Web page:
What is LBJava?Learning Based Java is a modeling language for the rapid development of software systems with one or more learned functions, designed for use with the JavaTM programming language. LBJava offers a convenient, declarative syntax for classifier and constraint definition directly in terms of the objects in the programmer's application. With LBJava, the details of feature extraction, learning, model evaluation, and inference are all abstracted away from the programmer, leaving him to reason more directly about his application.
Many software systems are in need of functions that are simple to describe but that no one knows how to implement. Recently, more and more designers of such systems have turned to machine learning to plug these gaps. Given data, a discriminative machine learning algorithm yields a function that classifies instances from some problem domain into one of a set of categories. For example, given an instance from the domain of email messages (i.e., given an email), we may desire a function that classifies that email as either "spam" or "not spam". Given data (in particular, a set of emails for which the correct classification is known), a machine learning algorithm can provide such a function. We call systems that utilize machine learning technology learning based programs.
Modern learning based programs often involve several learning components (or,
at least a single learning component applied repeatedly) whose classifications
are dependent on each other. There are many approaches to designing such
programs; here, we focus on the following approach. Given data, the various
learning components are trained entirely independently of each other, each
optimizing its own loss function. Then, when the learned functions are
applied in the wild, the independent predictions made by each function are
reconciled according to user specified constraints. This approach has been
applied successfully to complicated domains such as
Learning Based Java (LBJava) is a modeling language that expedites the
development of learning based programs, designed for use with the
TM programming language. The LBJava compiler accepts
the programmer's classifier and constraint specifications as input,
automatically generating efficient Java code and applying learning algorithms
(i.e., performing training) as necessary to implement the classifiers' entire
computation from raw data (i.e., text, images, etc.) to output decision (i.e.,
part of speech tag, type of recognized object, etc.). The details of feature
extraction, learning, model evaluation, and inference (i.e., reconciling the
predictions in terms of the constraints at runtime) are abstracted away from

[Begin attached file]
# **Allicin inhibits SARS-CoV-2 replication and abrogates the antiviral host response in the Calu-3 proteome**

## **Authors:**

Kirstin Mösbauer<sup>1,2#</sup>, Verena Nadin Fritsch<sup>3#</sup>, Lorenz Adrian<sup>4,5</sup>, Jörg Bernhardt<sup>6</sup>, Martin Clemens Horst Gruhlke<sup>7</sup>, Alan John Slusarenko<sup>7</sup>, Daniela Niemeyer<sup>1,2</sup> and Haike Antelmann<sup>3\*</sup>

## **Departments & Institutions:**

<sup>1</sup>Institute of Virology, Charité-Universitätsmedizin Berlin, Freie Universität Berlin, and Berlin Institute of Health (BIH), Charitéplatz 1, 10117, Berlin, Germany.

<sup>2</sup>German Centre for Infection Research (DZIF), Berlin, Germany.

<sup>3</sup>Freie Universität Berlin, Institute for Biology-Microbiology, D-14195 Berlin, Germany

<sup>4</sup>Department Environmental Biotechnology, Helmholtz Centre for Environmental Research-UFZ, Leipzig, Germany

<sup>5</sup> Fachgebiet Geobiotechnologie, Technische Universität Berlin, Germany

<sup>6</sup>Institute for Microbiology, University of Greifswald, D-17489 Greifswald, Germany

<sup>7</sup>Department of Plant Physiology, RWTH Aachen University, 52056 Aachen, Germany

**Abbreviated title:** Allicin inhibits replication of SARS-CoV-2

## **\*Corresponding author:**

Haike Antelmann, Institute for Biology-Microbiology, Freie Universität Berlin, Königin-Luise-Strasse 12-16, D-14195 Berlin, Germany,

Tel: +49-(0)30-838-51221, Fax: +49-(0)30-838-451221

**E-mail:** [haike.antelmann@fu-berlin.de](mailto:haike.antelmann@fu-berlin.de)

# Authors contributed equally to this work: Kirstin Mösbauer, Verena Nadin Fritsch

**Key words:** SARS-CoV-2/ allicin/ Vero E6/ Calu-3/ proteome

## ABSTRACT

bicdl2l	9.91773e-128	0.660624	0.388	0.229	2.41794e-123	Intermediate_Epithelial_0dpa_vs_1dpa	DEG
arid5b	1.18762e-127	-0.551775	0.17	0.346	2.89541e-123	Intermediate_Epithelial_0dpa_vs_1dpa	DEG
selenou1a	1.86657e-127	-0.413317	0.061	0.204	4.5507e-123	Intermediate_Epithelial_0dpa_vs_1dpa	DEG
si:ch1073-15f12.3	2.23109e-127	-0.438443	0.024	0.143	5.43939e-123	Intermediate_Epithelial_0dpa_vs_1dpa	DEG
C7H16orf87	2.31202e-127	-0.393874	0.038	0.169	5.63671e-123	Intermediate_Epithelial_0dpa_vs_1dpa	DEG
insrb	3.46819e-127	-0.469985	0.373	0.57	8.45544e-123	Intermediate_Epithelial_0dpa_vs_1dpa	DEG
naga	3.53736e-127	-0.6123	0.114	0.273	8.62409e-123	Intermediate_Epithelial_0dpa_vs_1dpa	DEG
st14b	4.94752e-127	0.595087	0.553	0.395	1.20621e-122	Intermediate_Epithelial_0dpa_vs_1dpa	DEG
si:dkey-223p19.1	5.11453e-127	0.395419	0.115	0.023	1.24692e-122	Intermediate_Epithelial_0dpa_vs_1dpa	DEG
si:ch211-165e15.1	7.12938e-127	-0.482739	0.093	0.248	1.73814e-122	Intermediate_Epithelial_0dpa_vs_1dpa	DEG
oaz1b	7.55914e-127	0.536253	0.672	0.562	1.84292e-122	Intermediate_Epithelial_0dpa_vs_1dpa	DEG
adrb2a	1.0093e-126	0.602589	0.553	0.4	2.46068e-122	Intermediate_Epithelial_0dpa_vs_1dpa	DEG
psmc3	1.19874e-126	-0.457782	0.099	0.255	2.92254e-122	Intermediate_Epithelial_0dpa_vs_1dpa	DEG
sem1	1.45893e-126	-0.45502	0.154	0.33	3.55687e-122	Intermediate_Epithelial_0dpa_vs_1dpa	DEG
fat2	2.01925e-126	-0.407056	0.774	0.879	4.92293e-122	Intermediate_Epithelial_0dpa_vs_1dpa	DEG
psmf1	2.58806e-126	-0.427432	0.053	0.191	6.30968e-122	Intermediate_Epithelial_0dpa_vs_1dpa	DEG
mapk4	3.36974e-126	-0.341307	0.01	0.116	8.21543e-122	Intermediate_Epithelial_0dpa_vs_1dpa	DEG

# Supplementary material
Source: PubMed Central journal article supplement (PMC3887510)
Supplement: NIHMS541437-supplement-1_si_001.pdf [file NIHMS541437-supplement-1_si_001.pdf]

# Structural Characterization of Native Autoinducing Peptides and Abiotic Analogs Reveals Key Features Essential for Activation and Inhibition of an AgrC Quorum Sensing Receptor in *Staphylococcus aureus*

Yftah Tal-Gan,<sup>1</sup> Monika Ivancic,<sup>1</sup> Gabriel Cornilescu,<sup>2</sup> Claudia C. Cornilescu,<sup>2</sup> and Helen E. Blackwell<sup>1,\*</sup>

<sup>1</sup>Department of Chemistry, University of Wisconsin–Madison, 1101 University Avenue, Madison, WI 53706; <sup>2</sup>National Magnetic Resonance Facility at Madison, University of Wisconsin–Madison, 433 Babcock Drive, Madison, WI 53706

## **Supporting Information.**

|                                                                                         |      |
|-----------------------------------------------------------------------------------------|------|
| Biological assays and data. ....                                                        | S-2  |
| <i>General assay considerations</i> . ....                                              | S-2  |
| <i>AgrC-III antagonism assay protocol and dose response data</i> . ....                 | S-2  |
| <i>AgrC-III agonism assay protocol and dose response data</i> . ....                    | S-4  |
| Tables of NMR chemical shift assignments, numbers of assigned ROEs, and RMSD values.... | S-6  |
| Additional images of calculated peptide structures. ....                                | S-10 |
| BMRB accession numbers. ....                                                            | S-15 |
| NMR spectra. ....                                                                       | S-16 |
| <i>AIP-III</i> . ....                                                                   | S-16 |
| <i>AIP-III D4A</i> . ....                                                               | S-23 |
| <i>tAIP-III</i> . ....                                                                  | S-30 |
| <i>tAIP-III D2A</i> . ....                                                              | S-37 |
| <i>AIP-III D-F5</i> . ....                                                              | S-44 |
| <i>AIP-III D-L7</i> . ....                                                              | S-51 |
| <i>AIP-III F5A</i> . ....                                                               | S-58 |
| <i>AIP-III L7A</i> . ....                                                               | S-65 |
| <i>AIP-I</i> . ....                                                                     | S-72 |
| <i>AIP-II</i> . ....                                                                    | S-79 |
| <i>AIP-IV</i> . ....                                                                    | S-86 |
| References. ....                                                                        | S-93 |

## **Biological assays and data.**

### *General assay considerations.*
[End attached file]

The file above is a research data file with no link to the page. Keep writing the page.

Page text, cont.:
Under the LBJava programming philosophy, the designer of a learning based program
will first design an object-oriented internal representation (IR) of the
application's raw data using pure Java. For example, if we wish to write
software dealing with emails, then we may wish to define a Java class named
Feature extraction and learning typically produce several different intermediate representations of the data they process. The LBJava compiler automates these processes, managing all of their intermediate representations automatically. An LBJava source file also acts as a Makefile of sorts. When you make a change to your LBJava source file, LBJava knows which operations need to be repeated. For example, when you change the code in a hard-coded classifier, only those learned classifiers that use it as a feature will be retrained. When you change only a learning algorithm parameter, LBJava skips feature extraction and goes straight to learning.
LBJava is supported by a library of interfaces and classes that implement a
standardized functionality for features and classifiers. The library includes
learning and inference algorithm implementations, general purpose and domain
specific internal representations, and domain specific parsers.
This is an implementation of our SNoW-based POS tagger for use with LBJava.
A classifier that partitions plain text into sequences of semantically related words, indicating a shallow (i.e., non-hierarchical) phrase structure.
A Coreference Resolver, based on LBJava, trained on the ACE 2004 corpus.
This is a state of the art NE tagger that tags plain text with named entitites (people / organizations / locations / miscellaneous). It uses gazetteers extracted from Wikipedia, word class model derived from unlabeled text and expressive non-local features. The best performance is 90.8F1 on the CoNLL03 shared task data.
Suppose we want to classify newsgroup posts according to the newsgroup to
which each post is best suited. It is plausible that these classifications
could be made as a function of the words that appear in them. For example,
the word "motor" is likely to appear more often in